The RV industry is in its ninth consecutive year of expansion, and that growth has helped Winnebago (NYSE:WGO) establish significantly stronger operating trends lately. On top of that success, management made a timely acquisition of a rival last year, and the acquisition has allowed the RV specialist to fill out its portfolio while boosting profit margins to new highs.
Yet investors turned bearish on the stock, especially over the last few months, as industry prospects weakened. How Winnebago deals with these mounting cost and demand challenges will determine whether shares can bounce back to their prior winning ways. And investors will get their first glimpse at these responses when the company announces its fourth-quarter earnings report on Wednesday, Oct. 17.
Sales and cost trends
Winnebago's last quarterly outing showed few signs of an impending sales slump. In fact, revenue jumped 18% to edge past management's guidance. Most of those gains came from the newly acquired towables business, though, as motorized RV sales inched higher by just 3%.
CEO Michael Happe and his executive team are trying to address several challenges with the motorized lineup, including elevated production costs and a bloated portfolio. While being careful to warn investors that fixes will take time to lift sales and profit results, they say they're moving in the right direction. We'll find out on Wednesday if that's still the case, particularly as Winnebago's newest lineup of products makes its way into dealership inventories.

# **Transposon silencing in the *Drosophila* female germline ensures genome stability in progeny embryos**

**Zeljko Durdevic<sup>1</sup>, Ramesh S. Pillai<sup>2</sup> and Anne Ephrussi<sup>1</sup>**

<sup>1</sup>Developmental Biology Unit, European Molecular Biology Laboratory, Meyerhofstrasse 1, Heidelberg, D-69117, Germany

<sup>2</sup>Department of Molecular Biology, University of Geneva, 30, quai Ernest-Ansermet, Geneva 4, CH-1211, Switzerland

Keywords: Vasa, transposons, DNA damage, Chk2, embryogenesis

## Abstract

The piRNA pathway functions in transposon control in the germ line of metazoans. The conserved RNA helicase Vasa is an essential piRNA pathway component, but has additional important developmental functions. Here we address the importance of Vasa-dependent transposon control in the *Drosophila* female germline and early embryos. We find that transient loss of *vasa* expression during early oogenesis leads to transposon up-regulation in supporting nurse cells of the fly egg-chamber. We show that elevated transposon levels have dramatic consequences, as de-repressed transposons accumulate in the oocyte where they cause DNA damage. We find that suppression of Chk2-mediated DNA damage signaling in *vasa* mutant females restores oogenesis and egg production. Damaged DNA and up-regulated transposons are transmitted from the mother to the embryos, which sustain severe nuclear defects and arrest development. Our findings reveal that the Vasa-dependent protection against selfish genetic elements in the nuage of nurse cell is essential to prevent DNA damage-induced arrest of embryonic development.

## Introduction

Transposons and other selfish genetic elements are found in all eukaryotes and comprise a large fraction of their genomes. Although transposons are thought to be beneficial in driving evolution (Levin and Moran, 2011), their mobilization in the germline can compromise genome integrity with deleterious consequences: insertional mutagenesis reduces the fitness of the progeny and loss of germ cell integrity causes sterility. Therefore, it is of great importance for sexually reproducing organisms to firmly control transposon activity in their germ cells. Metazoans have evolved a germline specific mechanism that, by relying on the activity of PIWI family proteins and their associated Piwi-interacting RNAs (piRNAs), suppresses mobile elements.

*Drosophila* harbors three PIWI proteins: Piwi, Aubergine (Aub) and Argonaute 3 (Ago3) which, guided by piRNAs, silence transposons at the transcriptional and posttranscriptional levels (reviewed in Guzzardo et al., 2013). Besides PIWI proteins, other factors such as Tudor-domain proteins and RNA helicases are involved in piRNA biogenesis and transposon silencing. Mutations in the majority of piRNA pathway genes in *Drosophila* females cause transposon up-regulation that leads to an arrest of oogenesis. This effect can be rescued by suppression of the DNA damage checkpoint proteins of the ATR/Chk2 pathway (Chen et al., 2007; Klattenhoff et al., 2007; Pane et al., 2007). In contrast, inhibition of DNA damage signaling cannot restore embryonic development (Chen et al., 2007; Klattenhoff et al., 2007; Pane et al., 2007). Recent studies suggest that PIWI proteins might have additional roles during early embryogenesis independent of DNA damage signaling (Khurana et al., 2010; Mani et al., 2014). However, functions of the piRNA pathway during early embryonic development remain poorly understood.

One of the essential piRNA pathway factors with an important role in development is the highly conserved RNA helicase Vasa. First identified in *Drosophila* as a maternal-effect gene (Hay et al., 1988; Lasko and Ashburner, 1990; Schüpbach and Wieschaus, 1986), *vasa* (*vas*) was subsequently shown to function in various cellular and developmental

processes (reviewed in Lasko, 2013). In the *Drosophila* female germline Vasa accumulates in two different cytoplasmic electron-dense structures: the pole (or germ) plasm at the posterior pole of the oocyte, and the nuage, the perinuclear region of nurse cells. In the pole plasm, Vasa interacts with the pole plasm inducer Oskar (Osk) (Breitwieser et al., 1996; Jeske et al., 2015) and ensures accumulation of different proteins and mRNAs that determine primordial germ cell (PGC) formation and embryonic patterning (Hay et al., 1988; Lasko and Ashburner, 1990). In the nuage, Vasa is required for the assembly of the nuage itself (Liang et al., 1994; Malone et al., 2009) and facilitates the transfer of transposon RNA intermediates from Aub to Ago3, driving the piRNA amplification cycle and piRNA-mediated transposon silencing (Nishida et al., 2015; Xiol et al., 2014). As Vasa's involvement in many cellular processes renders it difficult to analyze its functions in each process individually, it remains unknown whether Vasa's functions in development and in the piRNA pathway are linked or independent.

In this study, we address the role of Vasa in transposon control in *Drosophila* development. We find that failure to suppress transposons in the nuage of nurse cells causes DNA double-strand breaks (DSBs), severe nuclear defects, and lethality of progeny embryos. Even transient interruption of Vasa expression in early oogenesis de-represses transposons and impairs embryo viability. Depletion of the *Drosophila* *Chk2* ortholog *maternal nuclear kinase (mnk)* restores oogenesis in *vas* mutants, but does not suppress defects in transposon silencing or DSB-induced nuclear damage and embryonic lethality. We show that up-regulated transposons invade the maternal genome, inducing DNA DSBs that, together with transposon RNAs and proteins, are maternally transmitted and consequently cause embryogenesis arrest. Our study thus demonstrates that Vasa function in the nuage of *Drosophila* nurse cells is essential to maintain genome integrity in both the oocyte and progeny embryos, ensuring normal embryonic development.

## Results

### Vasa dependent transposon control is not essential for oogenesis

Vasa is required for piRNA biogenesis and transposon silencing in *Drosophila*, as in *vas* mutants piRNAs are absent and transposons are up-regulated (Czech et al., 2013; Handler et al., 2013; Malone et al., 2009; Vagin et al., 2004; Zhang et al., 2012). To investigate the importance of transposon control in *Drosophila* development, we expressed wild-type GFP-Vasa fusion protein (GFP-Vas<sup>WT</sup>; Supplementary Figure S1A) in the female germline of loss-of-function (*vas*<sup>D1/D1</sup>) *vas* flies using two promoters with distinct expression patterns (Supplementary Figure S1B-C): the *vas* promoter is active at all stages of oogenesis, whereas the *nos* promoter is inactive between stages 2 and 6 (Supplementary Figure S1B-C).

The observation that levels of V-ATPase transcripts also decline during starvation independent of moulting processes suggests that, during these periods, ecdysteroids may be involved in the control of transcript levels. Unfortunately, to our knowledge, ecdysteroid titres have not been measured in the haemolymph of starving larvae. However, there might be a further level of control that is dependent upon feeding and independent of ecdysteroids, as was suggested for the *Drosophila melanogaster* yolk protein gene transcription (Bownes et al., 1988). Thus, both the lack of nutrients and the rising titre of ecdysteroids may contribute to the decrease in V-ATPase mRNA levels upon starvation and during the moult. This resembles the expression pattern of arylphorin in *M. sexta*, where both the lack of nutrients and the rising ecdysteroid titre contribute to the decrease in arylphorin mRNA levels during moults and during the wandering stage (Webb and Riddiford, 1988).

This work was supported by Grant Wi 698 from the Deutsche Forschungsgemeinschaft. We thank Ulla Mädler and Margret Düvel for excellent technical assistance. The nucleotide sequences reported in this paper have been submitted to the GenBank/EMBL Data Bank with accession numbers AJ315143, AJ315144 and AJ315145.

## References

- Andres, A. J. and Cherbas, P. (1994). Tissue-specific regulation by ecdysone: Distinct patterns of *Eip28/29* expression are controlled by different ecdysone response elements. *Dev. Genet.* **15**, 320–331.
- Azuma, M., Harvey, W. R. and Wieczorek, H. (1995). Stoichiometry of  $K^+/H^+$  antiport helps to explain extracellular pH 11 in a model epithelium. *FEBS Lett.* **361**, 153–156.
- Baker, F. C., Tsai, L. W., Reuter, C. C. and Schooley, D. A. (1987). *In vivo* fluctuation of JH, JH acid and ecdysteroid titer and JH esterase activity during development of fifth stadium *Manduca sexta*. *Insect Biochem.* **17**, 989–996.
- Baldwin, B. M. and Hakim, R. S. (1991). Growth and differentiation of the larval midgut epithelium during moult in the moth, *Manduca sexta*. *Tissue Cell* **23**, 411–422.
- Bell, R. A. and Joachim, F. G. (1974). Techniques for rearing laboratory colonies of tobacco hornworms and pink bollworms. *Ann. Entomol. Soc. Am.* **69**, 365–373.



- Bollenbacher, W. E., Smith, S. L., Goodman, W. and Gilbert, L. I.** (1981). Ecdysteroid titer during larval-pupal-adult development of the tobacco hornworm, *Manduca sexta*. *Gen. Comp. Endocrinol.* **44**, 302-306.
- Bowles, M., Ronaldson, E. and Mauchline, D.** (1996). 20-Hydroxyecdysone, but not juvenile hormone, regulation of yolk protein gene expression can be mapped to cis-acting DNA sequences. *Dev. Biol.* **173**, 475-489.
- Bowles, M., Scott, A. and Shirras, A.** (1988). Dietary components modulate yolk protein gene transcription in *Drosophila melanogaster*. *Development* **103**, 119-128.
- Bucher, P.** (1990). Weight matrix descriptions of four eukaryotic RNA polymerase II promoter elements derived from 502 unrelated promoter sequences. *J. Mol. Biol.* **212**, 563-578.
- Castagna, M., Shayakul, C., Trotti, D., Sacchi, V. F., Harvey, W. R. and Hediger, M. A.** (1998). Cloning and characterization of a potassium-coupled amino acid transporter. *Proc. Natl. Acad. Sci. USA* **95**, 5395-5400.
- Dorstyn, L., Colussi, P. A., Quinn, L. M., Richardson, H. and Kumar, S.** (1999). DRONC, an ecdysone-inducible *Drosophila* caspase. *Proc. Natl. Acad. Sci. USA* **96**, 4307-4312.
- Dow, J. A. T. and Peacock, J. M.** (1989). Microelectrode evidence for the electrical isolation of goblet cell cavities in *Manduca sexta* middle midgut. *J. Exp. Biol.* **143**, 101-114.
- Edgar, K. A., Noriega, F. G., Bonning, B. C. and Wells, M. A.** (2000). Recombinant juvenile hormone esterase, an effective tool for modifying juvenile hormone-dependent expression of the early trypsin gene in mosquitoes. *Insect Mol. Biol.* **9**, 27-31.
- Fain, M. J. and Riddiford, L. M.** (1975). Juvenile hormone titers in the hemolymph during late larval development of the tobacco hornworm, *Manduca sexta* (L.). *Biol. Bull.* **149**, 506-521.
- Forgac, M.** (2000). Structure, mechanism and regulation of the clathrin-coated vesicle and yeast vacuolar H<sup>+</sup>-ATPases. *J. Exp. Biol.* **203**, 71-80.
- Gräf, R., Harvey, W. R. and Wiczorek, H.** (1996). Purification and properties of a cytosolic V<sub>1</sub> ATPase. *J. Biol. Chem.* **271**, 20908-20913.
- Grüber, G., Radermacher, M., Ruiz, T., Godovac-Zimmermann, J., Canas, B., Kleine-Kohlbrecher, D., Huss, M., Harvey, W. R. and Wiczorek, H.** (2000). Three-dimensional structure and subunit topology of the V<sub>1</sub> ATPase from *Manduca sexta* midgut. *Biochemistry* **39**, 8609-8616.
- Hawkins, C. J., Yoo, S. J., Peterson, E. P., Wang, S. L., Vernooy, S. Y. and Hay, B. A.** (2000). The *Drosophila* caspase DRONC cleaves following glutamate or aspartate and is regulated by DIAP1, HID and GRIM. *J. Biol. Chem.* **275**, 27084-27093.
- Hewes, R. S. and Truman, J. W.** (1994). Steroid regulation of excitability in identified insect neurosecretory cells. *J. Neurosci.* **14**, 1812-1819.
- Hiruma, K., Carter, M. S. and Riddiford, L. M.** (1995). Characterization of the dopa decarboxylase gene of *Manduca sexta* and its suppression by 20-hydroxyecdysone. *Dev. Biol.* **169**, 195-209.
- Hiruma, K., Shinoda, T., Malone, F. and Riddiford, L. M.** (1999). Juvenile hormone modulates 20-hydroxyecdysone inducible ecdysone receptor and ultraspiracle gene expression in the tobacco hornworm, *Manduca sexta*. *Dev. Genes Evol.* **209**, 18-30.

Faster growth will be hard to manage in this current sales environment, though. Rival Thor Industries announced a 13% decline in its motorized RV sales in late September, after all, while citing elevated dealership inventory levels.
More worryingly, Thor revealed lower profit margins that management blamed on rising labor expenses and higher commodity costs due to tariffs on key inputs like steel and aluminum. Winnebago was better able to manage these expenses in its last quarterly report, but that gap might be difficult to maintain for long. Thus, investors should keep a close eye on gross profit margin to see whether it rises, as it did last quarter, or begins contracting, as it has for industry peers.
If Winnebago's stock makes a big move in response to Wednesday's report, it will likely be due to the company's updated outlook for the new fiscal year. By late July, that forecast stood at an approximate 8% boost in RV shipments in 2018, which would mark another record as more consumers sign up for the lifestyle that recreational vehicles provide.
Thor announced a sharp decline in its order backlog, though, which suggests dealers could be getting more cautious about demand over the next few months. The company also predicted that sales growth and profit margins will likely be pressured through the first half of 2019 before beginning to rebound again later in the year.
Winnebago will update its shareholders on these forward-looking indicators, including backlog, dealership inventories, and dealer price cuts, on Wednesday. It should also issue a more general outlook for the new fiscal year that will determine whether management thinks a 10th straight year of healthy industry growth is still in the cards despite those mounting cost challenges.